Contemplating the Unthinkable

An entrepreneur who lacks a plan for coping with catastrophe is a victim in the making, says crisis-management expert Debra Traverso

The threat of terrorism is only one of the dozens of risks on Debra Koontz Traverso's list of crises for which small-business owners need to prepare. Until recently, it would have seemed the least likely scenario of the lot, which includes landslide, radiation accident, whistle-blowing, boycott, computer virus, and employee fraud. Because of the Sept. 11 terrorist attacks in New York, Washington, D.C., and Pennsylvania, however, more U.S. company owners are likely to pay attention to what Traverso, a crisis-management consultant, has to say in her recent book, The Small Business Owner's Guide to a Good Night's Sleep.

Although a terrorist threat might be what is getting business owners to pay attention to risk management at the moment, it isn't the crisis most likely to occur in their company. "The threat has increased, indeed...but the likelihood of it happening again to any business in particular is still very low on the scale of potential threats...that they live with daily that they may not even be aware of," Traverso said in an interview.


  Most crises, she says, arise not from sudden accidents or natural catastrophes, but from smoldering conditions within the company itself. Citing studies by the Institute for Crisis Management in Louisville, Ky., she says those smoldering problems usually involve illegal, unethical, or irresponsible actions by someone in the company. Think embezzlement, harassment or discrimination, mismanagement, poorly handled layoffs, the defection of key employees, and laxity that leads to product contamination or a serious accident.

Businesses need a plan of action that can be applied to nearly any emergency, says Traverso, whose clients have included NASA, United Parcel Service, Dow Chemical, and dozens of small businesses. Although the specific type of crisis that will hit can't be known in advance, company owners can devise administrative and logistical plans that could apply to a broad range of situations:

Could we operate somewhere else?

What could we do now to secure that location?

What could we absolutely not survive without?

What if there were a prolonged power outage?

What if the phone service were disabled indefinitely?

What if our key suppliers or shippers have a crisis and can't do business for a time?

Is our insurance adequate?

Could we pay creditors and employees during a prolonged shutdown?

Are our books and records up-to-date?

Are copies stored safely off-site?

Do we have contact information for suppliers, customers, employees available in two separate locations?

Do employees know how to get in touch with one another to activate the backup plans?

Those are a fraction of the questions Traverso poses in Good Night's Sleep. In many cases, she offers practical advice on how to get the answers for your particular business. You start by prioritizing your company's assets, figuring out how vulnerable they are, and how you will protect them.

Most company owners, focusing on the myriad day-to-day details it takes to keep their businesses afloat amid today's economic turbulence might think crisis planning is a luxury for which, right now, they don't have the time and money. Such planning, though, can pay off even if the owner is lucky enough to avoid a catastrophe. "Answering the question 'Where is my business vulnerable?' can identify deficiencies and lead to strategic thinking and creative ways of doing business," Traverso says, referring to a company that found a good way to streamline its daily purchasing process as it was working out a plan for making purchases in an emergency.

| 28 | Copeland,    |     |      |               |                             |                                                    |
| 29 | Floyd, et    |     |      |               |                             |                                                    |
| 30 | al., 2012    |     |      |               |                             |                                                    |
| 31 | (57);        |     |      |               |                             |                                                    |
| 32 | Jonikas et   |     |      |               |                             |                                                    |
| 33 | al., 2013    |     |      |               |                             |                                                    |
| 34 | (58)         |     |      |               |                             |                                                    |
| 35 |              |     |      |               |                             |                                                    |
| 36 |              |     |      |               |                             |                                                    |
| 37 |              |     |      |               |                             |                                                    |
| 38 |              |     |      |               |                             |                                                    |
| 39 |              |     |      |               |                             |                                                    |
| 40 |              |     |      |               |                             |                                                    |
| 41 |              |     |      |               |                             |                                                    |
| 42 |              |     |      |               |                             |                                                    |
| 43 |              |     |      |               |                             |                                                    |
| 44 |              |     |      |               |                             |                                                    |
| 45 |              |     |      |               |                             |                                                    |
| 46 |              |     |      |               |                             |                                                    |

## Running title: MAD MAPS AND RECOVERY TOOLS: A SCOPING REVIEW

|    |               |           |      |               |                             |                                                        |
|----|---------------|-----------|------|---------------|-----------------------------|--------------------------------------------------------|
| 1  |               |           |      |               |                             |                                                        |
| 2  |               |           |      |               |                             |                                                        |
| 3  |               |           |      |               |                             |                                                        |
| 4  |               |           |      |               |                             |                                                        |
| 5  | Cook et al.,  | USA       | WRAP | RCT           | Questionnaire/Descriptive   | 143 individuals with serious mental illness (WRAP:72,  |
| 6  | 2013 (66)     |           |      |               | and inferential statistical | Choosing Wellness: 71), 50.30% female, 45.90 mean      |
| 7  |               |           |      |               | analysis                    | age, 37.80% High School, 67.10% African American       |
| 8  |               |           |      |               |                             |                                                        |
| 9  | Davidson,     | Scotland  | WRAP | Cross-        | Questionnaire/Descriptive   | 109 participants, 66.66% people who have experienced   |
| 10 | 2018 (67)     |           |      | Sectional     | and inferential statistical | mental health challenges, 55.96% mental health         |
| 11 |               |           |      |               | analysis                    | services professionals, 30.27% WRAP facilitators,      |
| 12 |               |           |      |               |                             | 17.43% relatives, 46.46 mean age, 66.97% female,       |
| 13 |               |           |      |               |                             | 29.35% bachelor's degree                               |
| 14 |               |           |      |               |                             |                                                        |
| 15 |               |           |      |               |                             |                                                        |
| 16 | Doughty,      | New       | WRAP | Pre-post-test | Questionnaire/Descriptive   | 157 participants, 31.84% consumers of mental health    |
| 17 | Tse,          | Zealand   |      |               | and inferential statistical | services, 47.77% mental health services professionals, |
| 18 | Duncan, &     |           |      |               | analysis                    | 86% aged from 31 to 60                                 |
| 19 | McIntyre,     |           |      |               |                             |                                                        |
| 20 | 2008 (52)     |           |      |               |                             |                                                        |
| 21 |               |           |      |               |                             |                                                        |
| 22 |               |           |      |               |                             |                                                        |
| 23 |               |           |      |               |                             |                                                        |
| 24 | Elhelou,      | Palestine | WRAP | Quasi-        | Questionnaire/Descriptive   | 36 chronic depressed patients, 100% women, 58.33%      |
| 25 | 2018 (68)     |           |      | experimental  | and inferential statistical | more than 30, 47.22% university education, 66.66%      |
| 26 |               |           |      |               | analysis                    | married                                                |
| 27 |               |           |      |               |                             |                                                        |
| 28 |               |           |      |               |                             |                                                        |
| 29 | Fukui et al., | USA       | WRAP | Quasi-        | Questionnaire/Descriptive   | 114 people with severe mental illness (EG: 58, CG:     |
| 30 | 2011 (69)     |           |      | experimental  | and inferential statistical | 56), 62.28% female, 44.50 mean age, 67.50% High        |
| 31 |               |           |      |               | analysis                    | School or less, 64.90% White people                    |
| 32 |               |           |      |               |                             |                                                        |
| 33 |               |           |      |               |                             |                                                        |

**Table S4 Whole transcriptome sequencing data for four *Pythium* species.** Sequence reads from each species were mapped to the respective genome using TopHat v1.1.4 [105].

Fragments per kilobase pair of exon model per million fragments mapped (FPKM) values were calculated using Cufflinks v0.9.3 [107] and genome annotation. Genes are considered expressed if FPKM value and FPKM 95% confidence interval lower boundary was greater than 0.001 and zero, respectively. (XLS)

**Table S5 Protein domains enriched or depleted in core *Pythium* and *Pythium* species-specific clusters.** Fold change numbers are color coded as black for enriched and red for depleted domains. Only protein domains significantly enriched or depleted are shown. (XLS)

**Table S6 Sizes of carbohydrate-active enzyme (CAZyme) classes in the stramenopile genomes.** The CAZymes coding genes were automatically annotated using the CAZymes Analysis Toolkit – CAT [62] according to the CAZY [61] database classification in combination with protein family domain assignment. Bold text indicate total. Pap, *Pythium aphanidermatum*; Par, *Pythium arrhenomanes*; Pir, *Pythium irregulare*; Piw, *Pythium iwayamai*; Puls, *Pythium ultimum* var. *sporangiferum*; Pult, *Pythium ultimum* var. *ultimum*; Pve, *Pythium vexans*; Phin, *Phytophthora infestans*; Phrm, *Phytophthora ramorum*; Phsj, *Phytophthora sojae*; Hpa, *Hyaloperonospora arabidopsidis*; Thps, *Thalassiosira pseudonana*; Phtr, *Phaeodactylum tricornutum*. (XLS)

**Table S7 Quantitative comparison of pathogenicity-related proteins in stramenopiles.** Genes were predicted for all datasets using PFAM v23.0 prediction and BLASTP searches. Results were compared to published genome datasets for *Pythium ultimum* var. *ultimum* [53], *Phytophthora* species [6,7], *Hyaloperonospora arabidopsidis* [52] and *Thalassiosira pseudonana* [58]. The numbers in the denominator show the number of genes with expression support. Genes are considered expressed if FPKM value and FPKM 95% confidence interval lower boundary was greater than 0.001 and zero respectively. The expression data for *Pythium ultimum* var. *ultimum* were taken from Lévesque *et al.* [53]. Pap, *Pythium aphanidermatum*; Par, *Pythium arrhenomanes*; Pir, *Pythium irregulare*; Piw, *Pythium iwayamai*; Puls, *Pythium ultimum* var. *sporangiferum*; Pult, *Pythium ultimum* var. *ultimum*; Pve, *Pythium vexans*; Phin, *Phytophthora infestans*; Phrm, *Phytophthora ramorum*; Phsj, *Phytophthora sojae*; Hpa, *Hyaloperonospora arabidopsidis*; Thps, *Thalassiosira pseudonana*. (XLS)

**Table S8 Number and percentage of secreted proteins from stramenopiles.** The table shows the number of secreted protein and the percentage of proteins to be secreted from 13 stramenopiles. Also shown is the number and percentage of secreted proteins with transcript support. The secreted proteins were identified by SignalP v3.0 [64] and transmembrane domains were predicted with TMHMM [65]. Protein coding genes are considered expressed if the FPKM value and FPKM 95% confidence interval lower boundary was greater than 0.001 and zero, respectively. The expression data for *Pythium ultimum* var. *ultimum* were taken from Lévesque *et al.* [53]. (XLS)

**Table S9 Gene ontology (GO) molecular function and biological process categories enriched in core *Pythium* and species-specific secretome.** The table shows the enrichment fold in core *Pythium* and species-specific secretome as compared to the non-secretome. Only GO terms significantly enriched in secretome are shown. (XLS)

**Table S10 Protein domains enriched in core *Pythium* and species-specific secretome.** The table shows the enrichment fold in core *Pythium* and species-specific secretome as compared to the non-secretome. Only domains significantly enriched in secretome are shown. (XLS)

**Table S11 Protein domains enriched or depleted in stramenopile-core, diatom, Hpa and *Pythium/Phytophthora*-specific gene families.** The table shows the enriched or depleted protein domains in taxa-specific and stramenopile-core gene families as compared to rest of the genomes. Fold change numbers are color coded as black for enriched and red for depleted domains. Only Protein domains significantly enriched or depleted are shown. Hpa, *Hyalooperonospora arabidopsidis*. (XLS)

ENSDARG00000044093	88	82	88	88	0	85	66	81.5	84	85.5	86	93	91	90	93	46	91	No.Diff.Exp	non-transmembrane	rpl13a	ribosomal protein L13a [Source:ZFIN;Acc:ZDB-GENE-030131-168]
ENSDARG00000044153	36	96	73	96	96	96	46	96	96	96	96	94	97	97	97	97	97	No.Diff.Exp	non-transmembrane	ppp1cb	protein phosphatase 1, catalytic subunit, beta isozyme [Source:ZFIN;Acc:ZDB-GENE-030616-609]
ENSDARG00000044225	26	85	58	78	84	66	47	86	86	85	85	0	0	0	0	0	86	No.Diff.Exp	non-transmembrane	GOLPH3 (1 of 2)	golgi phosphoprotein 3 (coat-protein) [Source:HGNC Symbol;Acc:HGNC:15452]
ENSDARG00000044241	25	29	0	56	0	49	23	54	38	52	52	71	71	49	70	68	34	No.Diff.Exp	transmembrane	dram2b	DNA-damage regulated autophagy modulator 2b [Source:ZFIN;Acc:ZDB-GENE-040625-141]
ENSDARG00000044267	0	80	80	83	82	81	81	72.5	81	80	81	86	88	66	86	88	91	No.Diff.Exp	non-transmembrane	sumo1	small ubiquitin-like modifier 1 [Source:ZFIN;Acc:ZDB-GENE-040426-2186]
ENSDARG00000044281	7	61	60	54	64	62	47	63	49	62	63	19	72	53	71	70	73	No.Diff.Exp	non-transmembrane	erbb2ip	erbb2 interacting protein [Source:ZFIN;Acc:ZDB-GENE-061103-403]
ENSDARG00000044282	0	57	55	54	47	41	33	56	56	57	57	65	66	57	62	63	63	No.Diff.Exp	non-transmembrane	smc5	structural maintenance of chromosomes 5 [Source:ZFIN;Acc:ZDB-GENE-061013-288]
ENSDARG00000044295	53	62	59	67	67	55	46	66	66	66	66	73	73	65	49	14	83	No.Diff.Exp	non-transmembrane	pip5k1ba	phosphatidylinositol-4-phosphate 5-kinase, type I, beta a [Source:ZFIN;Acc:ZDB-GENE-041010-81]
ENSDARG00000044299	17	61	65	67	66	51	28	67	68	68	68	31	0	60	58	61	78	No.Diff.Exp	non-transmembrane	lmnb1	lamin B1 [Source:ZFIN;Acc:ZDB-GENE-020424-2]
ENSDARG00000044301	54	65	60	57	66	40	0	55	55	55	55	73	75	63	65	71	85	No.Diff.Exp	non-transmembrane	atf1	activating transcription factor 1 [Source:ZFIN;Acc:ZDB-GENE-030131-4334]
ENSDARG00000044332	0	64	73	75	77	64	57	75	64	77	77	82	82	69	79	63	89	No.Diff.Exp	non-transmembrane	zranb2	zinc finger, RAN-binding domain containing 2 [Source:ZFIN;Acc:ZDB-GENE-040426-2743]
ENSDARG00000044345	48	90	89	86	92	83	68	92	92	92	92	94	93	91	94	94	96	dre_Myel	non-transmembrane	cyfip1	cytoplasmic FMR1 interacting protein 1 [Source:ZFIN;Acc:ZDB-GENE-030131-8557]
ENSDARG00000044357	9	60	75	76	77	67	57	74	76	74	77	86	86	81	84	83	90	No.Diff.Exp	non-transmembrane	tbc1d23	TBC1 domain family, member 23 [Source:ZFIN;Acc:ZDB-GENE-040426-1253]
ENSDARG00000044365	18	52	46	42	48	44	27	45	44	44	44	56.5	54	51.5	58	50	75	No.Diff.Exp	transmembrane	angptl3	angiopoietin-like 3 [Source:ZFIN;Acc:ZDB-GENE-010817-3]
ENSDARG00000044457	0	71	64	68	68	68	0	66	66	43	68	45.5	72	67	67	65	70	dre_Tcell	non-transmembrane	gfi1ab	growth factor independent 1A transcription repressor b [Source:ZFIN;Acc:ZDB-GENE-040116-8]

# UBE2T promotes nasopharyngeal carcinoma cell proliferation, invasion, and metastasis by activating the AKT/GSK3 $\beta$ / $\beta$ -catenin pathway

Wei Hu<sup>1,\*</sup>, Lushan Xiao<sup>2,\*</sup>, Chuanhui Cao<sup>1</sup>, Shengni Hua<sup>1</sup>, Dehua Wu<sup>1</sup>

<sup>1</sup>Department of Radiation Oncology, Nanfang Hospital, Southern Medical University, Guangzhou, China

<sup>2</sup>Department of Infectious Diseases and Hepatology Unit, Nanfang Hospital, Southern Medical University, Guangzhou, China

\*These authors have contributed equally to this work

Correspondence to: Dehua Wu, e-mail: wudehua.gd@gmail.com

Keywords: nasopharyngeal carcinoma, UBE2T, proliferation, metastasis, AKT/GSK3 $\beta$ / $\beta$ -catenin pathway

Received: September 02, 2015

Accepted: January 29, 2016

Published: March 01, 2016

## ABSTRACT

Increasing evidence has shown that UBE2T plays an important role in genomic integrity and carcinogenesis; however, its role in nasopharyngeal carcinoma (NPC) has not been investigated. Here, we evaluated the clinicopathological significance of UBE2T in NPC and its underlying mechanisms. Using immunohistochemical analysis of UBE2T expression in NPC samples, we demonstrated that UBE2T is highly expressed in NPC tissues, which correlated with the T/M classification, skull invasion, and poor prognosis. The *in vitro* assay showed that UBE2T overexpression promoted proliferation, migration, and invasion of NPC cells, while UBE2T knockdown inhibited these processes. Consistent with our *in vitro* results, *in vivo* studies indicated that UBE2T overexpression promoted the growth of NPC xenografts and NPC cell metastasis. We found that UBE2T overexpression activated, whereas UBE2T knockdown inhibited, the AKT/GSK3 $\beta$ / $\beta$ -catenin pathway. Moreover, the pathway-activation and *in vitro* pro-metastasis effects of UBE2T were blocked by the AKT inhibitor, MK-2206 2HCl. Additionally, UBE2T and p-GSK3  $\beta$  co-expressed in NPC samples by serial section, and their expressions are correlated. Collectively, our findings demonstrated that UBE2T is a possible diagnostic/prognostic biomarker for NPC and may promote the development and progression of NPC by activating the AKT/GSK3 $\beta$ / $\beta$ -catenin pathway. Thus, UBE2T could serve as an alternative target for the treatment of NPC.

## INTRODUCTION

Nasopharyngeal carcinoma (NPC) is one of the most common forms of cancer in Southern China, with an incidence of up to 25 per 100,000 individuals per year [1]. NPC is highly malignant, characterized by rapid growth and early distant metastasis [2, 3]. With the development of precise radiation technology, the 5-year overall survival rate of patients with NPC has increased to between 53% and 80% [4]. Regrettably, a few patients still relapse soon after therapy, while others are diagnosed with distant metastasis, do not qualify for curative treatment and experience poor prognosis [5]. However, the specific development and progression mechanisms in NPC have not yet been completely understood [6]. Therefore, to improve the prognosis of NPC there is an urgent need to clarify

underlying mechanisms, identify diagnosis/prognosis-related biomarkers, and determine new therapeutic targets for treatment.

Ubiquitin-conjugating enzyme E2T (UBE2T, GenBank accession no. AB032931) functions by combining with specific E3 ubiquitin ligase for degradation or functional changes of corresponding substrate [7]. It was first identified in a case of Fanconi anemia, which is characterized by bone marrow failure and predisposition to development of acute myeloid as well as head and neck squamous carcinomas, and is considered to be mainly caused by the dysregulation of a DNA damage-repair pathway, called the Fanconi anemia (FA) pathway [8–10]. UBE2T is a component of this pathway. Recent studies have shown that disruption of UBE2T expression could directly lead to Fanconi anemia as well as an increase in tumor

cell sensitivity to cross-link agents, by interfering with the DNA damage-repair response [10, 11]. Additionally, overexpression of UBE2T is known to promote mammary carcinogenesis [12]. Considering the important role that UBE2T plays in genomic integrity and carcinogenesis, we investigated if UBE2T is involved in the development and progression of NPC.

"For a small business with very limited resources, the plan may consist of simple checklists of action steps to take regardless of the type of crisis," she says. "The point is to do what you can, and as much as you can, before it's too late to do anything."

That includes paying attention to the people who work for you, both as a preventive measure and, if necessary, a restorative one. Do your management practices convey respect for employees' safety and well-being? Although the human factor has always been important in crisis control, she says, the terrorist attacks of Sept. 15 are teaching companies that, more than ever, business requirements need to be weighed against the importance of people's emotional needs.

"It's impossible to ask an employee to begin recovery in the morning, and then take a break long enough to attend a co-worker's funeral in the afternoon," Traverso says. "There's no way that, after such a devastating occurrence, you could ever return to business as usual the next day...unless you could line up a group of highly educated robots who have no emotions...then you might stand a chance."


  Certainly the terrorist attacks make the fear of a crisis seem much more rational today. All the same, planning for the day when a plane might fly into your building remains such an overwhelming scenario that it is, even now, difficult to comprehend, let alone plan for. Is there any way to logically plan for such a devastating occurrence?

"If you mean, 'Is there a way to plan in which you could be back to business as usual the next day?' The answer is no," Traverso warns. "But if you're aiming for business as modified, then yes, it is possible to plan for such an occurrence."

Whether or not it results in a good night's sleep, having such a plan in place could be the key to a company's survival.

By Theresa Forsman in New York

Edited by Robin J. Phillips

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